A new study suggests a link between a retrovirus and chronic fatigue syndrome. Chronic fatigue syndrome, or CFS, has been controversial for years. There is no definitive test for chronic fatigue syndrome, so doctors diagnose it based on the patient’s symptoms. The condition is characterized by a complete lack of energy, as well as insomnia, weakness, mental fog and muscle pain. There have been suspicions that chronic fatigue might be psychosomatic in nature. Many health professionals still doubt the existence of this syndrome.
The identification of a mouse-derived retrovirus in blood from CFS patients could change this perception completely. The scientists were looking for a mouse virus called XMRV that was previously found in association with chronic fatigue syndrome. They did not find it, but they did find related viruses in 86 percent of the patients’ blood samples. These retroviruses are known to cause leukemia in mice but had never been seen in human blood before this study. If future research confirms that a mouse virus is linked to chronic fatigue, it might offer insight into a treatment for this mysterious disorder.

[Proceedings of the National Academy of Sciences, online Aug 23, 2010]

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  1. TDD
    Reply

    In my battle with CFS about a year ago I decided that all the meds the doctors had me on for depression and pain weren’t doing me any good and had caused a state of maximum toxicity, so I quit them all. In three days my pain reduced by 80% and my memory returned.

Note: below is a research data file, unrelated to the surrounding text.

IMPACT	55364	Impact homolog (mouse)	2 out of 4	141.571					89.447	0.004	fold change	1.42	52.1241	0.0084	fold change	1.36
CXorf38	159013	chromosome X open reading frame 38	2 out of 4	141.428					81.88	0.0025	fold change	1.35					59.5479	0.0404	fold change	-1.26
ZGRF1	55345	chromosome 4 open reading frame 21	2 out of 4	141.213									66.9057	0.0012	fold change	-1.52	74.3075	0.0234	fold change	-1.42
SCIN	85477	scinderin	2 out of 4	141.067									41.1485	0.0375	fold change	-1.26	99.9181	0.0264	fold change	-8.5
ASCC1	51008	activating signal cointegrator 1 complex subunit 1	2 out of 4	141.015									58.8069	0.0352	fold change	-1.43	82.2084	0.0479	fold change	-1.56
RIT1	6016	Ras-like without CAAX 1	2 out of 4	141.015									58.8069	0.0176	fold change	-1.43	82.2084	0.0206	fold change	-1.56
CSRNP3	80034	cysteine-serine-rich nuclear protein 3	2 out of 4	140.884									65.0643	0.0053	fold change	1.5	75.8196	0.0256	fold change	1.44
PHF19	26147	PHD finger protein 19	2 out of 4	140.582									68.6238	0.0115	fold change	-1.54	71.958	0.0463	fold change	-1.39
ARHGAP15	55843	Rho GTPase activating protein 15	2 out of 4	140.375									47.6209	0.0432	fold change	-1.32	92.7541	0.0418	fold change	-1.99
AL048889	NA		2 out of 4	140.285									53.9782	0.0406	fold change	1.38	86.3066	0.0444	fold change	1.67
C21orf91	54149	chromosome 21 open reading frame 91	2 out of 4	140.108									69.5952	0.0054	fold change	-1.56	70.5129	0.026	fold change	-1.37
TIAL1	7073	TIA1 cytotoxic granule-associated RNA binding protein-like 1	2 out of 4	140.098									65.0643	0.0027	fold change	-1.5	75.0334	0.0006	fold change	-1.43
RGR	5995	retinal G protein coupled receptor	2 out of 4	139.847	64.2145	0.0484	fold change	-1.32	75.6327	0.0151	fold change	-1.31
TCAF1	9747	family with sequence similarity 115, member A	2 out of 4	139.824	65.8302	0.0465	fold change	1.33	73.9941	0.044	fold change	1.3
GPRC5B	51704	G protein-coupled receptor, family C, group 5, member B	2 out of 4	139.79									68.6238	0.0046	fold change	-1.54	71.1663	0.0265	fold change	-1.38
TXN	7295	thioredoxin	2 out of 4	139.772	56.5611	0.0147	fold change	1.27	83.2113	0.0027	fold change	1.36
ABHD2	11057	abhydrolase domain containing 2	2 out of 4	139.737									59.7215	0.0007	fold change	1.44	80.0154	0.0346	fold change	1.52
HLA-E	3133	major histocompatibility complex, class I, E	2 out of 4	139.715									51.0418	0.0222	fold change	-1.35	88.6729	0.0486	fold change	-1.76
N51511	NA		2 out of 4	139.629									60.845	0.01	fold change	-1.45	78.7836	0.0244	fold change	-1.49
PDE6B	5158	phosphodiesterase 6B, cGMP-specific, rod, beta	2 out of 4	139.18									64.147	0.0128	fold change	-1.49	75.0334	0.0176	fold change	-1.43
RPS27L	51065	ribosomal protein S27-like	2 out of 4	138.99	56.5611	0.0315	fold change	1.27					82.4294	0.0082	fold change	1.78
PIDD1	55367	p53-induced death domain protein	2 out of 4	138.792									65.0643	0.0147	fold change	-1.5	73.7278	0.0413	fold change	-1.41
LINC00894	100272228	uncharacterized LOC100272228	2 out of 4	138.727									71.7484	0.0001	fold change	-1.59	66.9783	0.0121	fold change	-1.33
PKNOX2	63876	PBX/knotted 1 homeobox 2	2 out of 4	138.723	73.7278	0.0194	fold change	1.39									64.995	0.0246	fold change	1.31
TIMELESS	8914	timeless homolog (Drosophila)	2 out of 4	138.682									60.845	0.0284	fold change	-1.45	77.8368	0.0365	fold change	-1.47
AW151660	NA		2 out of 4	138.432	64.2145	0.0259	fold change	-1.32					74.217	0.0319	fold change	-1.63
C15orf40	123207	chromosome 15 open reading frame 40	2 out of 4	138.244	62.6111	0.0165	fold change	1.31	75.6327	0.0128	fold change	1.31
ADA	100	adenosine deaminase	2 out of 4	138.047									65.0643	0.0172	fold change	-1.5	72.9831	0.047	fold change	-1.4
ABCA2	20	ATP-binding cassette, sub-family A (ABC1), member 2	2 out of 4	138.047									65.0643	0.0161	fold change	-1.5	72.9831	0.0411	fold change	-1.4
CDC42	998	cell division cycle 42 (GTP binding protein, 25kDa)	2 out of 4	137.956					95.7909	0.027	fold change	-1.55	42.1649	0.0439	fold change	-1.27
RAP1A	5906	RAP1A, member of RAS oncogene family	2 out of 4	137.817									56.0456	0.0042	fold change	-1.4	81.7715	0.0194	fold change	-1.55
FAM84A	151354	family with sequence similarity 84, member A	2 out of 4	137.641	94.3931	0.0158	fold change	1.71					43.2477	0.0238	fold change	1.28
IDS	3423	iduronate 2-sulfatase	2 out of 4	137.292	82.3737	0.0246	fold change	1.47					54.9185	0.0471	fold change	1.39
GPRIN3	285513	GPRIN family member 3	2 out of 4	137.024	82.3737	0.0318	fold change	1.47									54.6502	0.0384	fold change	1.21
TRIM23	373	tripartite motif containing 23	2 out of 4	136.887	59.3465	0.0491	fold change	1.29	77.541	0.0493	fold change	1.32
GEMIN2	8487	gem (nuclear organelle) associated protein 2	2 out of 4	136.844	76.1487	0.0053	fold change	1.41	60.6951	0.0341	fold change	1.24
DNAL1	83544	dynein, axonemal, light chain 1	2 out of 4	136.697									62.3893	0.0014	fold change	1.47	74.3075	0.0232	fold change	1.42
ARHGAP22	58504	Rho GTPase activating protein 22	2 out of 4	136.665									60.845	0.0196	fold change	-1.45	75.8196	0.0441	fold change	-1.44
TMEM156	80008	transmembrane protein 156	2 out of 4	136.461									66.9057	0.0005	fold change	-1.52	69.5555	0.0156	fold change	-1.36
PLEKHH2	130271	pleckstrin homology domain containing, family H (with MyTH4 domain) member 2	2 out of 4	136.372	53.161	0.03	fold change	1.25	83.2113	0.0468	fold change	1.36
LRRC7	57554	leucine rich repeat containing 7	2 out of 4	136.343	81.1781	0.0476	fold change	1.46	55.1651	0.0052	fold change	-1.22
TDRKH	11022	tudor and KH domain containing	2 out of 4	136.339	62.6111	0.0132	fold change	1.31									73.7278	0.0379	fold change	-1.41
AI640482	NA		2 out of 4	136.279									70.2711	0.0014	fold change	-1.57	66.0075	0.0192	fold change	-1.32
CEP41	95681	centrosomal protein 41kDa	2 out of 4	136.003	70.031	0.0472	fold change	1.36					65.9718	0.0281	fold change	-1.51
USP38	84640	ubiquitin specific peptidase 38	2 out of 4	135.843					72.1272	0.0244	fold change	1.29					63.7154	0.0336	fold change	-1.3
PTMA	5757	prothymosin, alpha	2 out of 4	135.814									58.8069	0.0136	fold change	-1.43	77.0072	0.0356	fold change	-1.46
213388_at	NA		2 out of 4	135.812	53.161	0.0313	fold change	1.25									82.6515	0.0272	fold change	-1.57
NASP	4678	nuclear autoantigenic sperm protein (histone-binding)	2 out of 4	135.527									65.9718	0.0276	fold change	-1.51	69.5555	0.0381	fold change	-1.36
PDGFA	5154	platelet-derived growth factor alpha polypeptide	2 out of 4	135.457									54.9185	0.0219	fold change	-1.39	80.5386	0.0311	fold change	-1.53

For the first time in many years I could remember, even back to my early childhood. I had to start taking my blood pressure med. again because my readings were so high, and my memory went out the window again, even though I had lost enough weight that I was able to cut the dose in half. The only things that have helped without negative side effects have been Chinese herbs, electro-accupuncture, and prayer and gratitude. Chinese medicine has been around for 2,000 years compared to western medicine’s 200 years. God has been around forever!

  2. Debbie B.
    Reply

    I too suffer from Chronic Fatigue Syndrome. After 32 years of being in
    a job I absolutely loved (middle school science teacher) I too was blindsided by this terrible illness. I was in denial at first and thought that with plenty of rest, exercise, etc. it would go away. Well it did not–it only got worse.
    After struggling to get through the last 2 years I worked I finally came to the realization that it was not going away so I decided to retire early. I still thought that maybe after a year off with lots of rest (ha ha) I could go back. Well after 4.5 years numerous doctors, medications, treatments and trying to have a positive outlook it is no better. I can’t even enjoy my retirement.
    My husband and I are not able to do the things we had hoped to do upon our retirement (he retired Feb. ’11). It is very frustrating, esp. when my rheumatologist said “I just don’t buy into this Chronic Fatigue Syndrome thing.” I told her I probably would not either if I had not experienced it myself. My primary care doctor has been very supportive. She has sent me to a couple other doctors in the area who are more familiar with CFS. None of which healed me but I do appreciate her acknowledgement of CFS and not just saying “it is all in my head.” She always listens and seems to understand what I am going through. But I was always healthy, active, enjoyed life… never would I have imagined this would happen along with rheumatoid arthritis and fibromyalgia. At 59 years old…I feel much older :-(